The trusty Subaru Forester has always been a great car with a great following in North America, Australia and its home nation of Japan but it has always struggled to capture the hearts of us Brits. Will this rejuvenated model do the job and will its new self-charging hybrid powertrain be enough to win over the already over-crowded mid-sized SUV segment?
Back when I drove the last generation Forester with its standard and naturally aspirated engine, it did feel underpowered, dated and a tad poor with regards to interior finish. However, the new model not only boasts Subaru’s new self-charging hybrid petrol/electric powertrain but it also now uses Subaru’s new Global Platform which adds leg room and increases body strength and the interior has been brought right up to the twenty first century (almost). I, for one, think the exterior improvements are subtle but also effective. The new rear looks much smarter and the front looks cleaner, crisper and just better. I also love this colour.
Inside you can immediately know you’re in a Subaru as you are met with their button-heavy steering wheel and the huge “iSight” camera system in the windscreen but all in all, the new dash layout looks good. There’s less of a Dairy Milk plastic tray feel and even the new infotainment system actually looks more integrated and less bought from Halfords and wedged in… It all works well too. Apple CarPlay and Android Auto make everything so much simpler now when it comes to connecting your phone to the car and there’s plenty of nifty little storage cubbies for your phone no matter the size, even my huge iPhone 11 Pro Max found a home out of the way.
So, cosmetic changes seem to be all positive, but is the new e-Boxer powertrain enough to get you out of your Toyota or Mazda? Maybe… the setup is a 2.0-litre 4-cylinder petrol boxer engine coupled with a small lithium-ion battery and an electric motor which together produce around 164bhp and 193 lb-ft which is a slight improvement over the previous petrol engine. This is all sent through a Lineartronic gearbox which isn’t the worst one I’ve used, but they are still nothing to write home about. The concern here is that even though the emissions are recorded to be good for a car of this size at 154g/km, the fuel economy is still in the 30s and the lineartronic ‘box still makes the drive feel a little underpowered and sluggish. However, the overall drive of the Forester is great. It’s smooth and it soaks up the bumps in the road very well with little wind noise at higher speed. It also comes with Subaru’s standard permanent all-wheel-drive which has been admired and loved for many years.
Like the previous Forester, the e-Boxer uses X-drive which adjusts various parts of the car’s drive by altering throttle response and braking on steep climbs and also has hill descent control for those steep declines where it manages the brakes for the driver keeping the car at a steady 12mph all the way down. On top of this, the new Forester has Subaru’s “EyeSight” safety system on board making it as safe on the road as it is off the beaten track. The EyeSight system uses a series of cameras in the windscreen that read the road ahead and if they see something you don’t, can apply pre-collision braking and alter the throttle response to reduce the chance of an accident. The EyeSight system also includes speed-adaptive cruise control, lane sway and departure warning and lane keep assist.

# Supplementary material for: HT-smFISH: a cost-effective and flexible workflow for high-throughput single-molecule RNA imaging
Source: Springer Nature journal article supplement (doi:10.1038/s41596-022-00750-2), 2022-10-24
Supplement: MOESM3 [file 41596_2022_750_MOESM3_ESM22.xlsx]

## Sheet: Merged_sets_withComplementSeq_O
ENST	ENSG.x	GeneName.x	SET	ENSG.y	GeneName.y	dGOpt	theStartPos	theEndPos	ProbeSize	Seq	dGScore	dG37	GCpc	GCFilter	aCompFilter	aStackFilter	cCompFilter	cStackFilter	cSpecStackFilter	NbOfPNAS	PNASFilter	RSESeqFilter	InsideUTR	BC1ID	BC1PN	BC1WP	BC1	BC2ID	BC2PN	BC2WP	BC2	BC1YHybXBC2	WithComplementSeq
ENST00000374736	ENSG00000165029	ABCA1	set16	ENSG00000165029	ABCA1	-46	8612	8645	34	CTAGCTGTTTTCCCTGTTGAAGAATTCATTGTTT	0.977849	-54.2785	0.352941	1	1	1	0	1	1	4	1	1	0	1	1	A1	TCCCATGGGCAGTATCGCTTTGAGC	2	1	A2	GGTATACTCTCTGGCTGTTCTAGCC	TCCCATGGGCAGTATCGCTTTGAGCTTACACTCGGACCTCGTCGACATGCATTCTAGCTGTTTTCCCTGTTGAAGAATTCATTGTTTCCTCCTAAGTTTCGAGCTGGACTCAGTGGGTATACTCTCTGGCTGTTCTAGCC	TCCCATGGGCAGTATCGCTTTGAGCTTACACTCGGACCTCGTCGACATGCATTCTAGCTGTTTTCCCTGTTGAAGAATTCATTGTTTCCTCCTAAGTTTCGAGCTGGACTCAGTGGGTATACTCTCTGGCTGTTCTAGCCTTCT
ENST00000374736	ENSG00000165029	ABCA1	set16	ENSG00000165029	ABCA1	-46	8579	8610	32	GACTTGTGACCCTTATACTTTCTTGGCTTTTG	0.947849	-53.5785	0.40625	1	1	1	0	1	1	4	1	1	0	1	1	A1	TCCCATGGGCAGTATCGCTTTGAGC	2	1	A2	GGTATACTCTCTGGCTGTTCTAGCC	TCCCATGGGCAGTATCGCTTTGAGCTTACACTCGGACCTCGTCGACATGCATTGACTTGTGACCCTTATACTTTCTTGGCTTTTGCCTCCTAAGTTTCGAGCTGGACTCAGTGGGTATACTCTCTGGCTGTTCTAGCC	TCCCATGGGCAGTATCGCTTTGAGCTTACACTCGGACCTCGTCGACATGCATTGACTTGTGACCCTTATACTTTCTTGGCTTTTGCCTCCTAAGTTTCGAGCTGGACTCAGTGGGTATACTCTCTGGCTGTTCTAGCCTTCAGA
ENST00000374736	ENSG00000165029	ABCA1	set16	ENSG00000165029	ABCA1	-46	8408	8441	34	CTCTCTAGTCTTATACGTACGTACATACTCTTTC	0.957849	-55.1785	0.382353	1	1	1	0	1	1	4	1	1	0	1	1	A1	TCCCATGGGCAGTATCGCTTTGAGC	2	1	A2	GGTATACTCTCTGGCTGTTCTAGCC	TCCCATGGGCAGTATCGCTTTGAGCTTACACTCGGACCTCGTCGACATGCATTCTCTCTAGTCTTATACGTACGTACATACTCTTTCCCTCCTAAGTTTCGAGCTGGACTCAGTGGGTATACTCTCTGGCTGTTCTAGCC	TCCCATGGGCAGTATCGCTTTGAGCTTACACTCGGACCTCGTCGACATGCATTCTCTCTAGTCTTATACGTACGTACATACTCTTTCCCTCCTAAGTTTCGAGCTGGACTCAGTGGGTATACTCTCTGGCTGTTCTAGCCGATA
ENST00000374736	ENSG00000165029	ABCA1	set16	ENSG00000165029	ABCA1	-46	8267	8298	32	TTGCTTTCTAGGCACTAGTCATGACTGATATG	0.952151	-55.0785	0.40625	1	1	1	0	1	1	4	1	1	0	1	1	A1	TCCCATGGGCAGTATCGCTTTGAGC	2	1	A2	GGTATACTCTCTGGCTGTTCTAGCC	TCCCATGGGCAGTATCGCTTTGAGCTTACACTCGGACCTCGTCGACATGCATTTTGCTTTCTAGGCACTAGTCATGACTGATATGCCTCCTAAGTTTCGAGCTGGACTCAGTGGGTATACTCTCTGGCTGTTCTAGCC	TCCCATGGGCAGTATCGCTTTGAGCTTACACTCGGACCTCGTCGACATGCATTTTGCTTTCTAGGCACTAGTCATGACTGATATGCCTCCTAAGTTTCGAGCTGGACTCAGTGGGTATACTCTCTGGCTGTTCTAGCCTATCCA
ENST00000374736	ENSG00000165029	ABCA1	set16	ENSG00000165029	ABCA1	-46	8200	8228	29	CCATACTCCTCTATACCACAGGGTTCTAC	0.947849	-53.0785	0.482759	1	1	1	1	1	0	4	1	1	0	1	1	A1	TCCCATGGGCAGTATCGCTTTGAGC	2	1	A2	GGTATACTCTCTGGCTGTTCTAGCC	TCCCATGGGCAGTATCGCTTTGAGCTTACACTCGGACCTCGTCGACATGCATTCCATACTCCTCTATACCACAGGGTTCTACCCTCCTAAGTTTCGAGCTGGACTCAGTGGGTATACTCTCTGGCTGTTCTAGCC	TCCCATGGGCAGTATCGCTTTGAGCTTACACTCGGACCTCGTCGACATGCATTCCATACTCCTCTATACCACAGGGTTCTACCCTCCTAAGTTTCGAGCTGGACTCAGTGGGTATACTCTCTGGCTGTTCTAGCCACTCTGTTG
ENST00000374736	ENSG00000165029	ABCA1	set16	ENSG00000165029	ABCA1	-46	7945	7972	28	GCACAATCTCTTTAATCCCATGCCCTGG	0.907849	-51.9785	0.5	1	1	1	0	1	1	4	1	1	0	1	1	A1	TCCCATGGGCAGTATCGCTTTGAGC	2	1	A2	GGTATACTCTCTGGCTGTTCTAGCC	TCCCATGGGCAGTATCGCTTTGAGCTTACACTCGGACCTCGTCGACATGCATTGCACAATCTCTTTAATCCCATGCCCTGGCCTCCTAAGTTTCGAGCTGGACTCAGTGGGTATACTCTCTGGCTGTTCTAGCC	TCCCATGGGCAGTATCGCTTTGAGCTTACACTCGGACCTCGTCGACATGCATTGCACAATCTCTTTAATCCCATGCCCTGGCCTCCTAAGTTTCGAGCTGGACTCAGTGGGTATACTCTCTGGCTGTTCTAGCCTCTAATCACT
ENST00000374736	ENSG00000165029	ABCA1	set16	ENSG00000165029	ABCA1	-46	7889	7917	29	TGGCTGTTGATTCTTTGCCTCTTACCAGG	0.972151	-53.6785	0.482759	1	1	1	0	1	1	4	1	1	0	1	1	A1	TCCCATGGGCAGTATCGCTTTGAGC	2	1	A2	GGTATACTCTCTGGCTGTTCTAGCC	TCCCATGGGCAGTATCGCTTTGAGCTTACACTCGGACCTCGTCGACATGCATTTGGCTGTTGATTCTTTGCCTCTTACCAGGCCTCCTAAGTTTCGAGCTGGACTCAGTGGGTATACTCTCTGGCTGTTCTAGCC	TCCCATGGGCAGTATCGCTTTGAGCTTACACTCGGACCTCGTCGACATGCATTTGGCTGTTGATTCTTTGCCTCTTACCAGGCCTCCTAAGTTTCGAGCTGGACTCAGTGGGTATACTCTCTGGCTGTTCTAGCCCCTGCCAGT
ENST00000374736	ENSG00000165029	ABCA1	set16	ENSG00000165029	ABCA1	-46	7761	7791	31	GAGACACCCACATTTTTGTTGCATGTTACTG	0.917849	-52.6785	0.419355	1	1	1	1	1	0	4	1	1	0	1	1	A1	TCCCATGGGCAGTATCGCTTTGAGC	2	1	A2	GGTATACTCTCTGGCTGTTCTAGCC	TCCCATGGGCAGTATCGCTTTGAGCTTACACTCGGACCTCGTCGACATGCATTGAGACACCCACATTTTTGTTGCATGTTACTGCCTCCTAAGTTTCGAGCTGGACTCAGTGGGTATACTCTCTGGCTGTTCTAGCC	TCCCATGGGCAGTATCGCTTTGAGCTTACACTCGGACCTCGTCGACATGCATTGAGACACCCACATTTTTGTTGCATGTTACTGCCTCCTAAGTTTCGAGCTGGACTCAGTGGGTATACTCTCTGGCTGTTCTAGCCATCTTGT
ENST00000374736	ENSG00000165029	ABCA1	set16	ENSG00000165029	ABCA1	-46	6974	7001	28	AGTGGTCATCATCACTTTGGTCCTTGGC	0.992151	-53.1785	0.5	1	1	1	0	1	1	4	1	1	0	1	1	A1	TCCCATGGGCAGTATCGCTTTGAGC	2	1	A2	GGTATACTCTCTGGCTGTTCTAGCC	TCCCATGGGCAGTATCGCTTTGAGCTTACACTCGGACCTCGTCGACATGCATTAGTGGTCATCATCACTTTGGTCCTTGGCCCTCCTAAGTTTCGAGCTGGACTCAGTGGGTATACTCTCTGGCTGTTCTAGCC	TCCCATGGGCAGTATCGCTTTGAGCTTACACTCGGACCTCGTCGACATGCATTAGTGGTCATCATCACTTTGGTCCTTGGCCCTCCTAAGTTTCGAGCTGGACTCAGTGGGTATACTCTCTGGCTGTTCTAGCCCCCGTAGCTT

The big question here is will anyone buy the Forester over the competition…
I have banged on for a long time about how Subarus are possibly the most underrated and under-appreciated cars in the UK – I have now driven just about every car they have offered over the past 5 or so years and every time I am left stunned that more people don’t buy them. Crossovers and small to mid-sized SUV sales are on the constant rise here in the UK, and yet Subarus sales are always overshadowed by the likes of Toyota, Mazda, Seat and Ford etc… and in reality, none of these cars are really any better. What’s even more surprising is that the Forester was one of the first in the modern SUV/Crossover market – it’s been with us for nearly 24 years! It set the path for all these cars to follow down and yet it has found itself dragging at the back.
The new e-Boxer self-charging hybrid Forester should be the kick up the backside needed to get more people in these ultra-reliable, ultra-capable and ultra-solid cars – but I fear it may be too little too late. the hybrid drivetrain brings very little to the table regarding fuel economy and green credentials, but it does provide more torque and a more linear power delivery and it also seems to help out off-road but even I must admit it does feel a bit pointless. A solid diesel engine would cover all these bases, provide better economy and more grunt… Having said all that, I do genuinely think it’s a great car – it’s incredibly comfortable, well made and reliable and if you were to take the leap of faith and buy one, you would not be disappointed.